Words by Hong Di-Anne
Photos by Hong Di-Anne
“Di-Anne, have you figured out your soft story yet?”
“Oh, I guess it’s going to be about cats or board games.”
“Really going out of your comfort zone, eh?”
As an alumni on this trip, I had been given the relatively easy task of only having to produce one article, and being able to choose the topic of the article. I thought about finding out more about a favourite hobby of mine – board games. I contacted a Sabahan friend of mine I had known through Android: Netrunner card games tournaments in Kuala Lumpur, Jeremiah Joinod Peter Mojuntin, or JJ. JJ and I had originally planned to just meet and play board games with some members of the community. However, time was pressing due to his and my schedule (I had a couple hours free before cultural night), and so I just asked him to introduce me to a games shop or café. On the way to the shop, we spoke about the tabletop scene in Kota Kinabalu. As it turns out, board games cafés, the kind of family-friendly places that are steadily growing in popularity back home in KL, are rare in KK.
“We used to have a couple of games shops, but they eventually closed down. Even then they weren’t purely for games. There was a café that doubled as a cell group meeting place, which had inconsistent opening hours, and another that was also a piano school.”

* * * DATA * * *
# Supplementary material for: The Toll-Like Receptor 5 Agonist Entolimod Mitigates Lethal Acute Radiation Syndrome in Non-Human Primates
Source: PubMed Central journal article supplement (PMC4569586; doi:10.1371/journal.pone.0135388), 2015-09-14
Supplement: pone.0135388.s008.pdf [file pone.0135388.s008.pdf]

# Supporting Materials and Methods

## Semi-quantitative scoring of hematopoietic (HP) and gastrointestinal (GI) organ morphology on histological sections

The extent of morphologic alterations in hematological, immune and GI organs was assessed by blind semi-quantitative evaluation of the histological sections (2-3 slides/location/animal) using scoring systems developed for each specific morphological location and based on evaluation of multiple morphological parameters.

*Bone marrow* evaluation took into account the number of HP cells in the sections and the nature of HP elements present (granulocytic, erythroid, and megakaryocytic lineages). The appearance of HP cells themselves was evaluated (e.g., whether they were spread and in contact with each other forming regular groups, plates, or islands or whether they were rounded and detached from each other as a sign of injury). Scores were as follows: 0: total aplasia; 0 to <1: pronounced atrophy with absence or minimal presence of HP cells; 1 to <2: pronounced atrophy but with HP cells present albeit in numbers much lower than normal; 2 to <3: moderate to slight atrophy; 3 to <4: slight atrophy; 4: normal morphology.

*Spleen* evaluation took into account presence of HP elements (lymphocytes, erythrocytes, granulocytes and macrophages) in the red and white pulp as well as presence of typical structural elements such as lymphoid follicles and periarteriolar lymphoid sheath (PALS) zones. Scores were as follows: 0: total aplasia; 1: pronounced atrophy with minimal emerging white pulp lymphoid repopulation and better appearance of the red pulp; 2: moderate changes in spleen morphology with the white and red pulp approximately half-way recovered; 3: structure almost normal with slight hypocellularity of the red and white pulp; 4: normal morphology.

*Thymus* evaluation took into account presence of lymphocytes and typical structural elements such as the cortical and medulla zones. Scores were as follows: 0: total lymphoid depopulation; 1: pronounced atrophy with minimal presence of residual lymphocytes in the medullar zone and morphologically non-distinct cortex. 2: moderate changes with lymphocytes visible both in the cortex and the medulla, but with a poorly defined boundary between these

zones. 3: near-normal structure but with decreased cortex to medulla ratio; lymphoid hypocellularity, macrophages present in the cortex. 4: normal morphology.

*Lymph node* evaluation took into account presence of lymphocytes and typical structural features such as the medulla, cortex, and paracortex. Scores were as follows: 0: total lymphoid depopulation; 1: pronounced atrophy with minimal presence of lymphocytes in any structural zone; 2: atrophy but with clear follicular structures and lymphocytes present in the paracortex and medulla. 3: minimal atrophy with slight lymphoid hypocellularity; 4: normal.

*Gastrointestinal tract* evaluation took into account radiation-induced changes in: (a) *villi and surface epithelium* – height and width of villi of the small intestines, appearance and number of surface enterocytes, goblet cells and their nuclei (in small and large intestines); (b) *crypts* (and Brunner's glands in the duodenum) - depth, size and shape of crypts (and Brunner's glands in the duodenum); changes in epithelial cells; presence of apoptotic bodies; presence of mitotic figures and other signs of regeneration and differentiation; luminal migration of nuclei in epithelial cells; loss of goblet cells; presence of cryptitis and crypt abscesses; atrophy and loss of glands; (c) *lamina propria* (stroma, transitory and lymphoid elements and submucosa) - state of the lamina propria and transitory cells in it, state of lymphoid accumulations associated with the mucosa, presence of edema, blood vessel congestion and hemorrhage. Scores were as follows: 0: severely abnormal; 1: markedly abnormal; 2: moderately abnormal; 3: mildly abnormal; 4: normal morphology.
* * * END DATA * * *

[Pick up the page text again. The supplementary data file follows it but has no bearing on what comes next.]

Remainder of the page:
JJ told me that part of the reason why the cafés closed down was due to logistical issues. Parking can be hard to find, there’s also space and lighting issues in small shoplots. He mentioned that the games shop he’s taking me to have similar space issues, even though it’s a more traditional games shop; mostly dedicated to the Warhammer miniatures wargame and collectible card games such as Magic: The Gathering, and Vanguard. Another reason for the lack of games cafés’ popularity is the unknown nature of board gaming as a hobby in Sabah. “Maybe in KL, where it’s more cultured, it’s more accepted… here it’s still quite a niche thing,” said JJ. Far be it from me to comment on how cultured KL is, but it’s clear to see that even though there are some very passionate hobbyists, it’s not quite a mainstream hobby.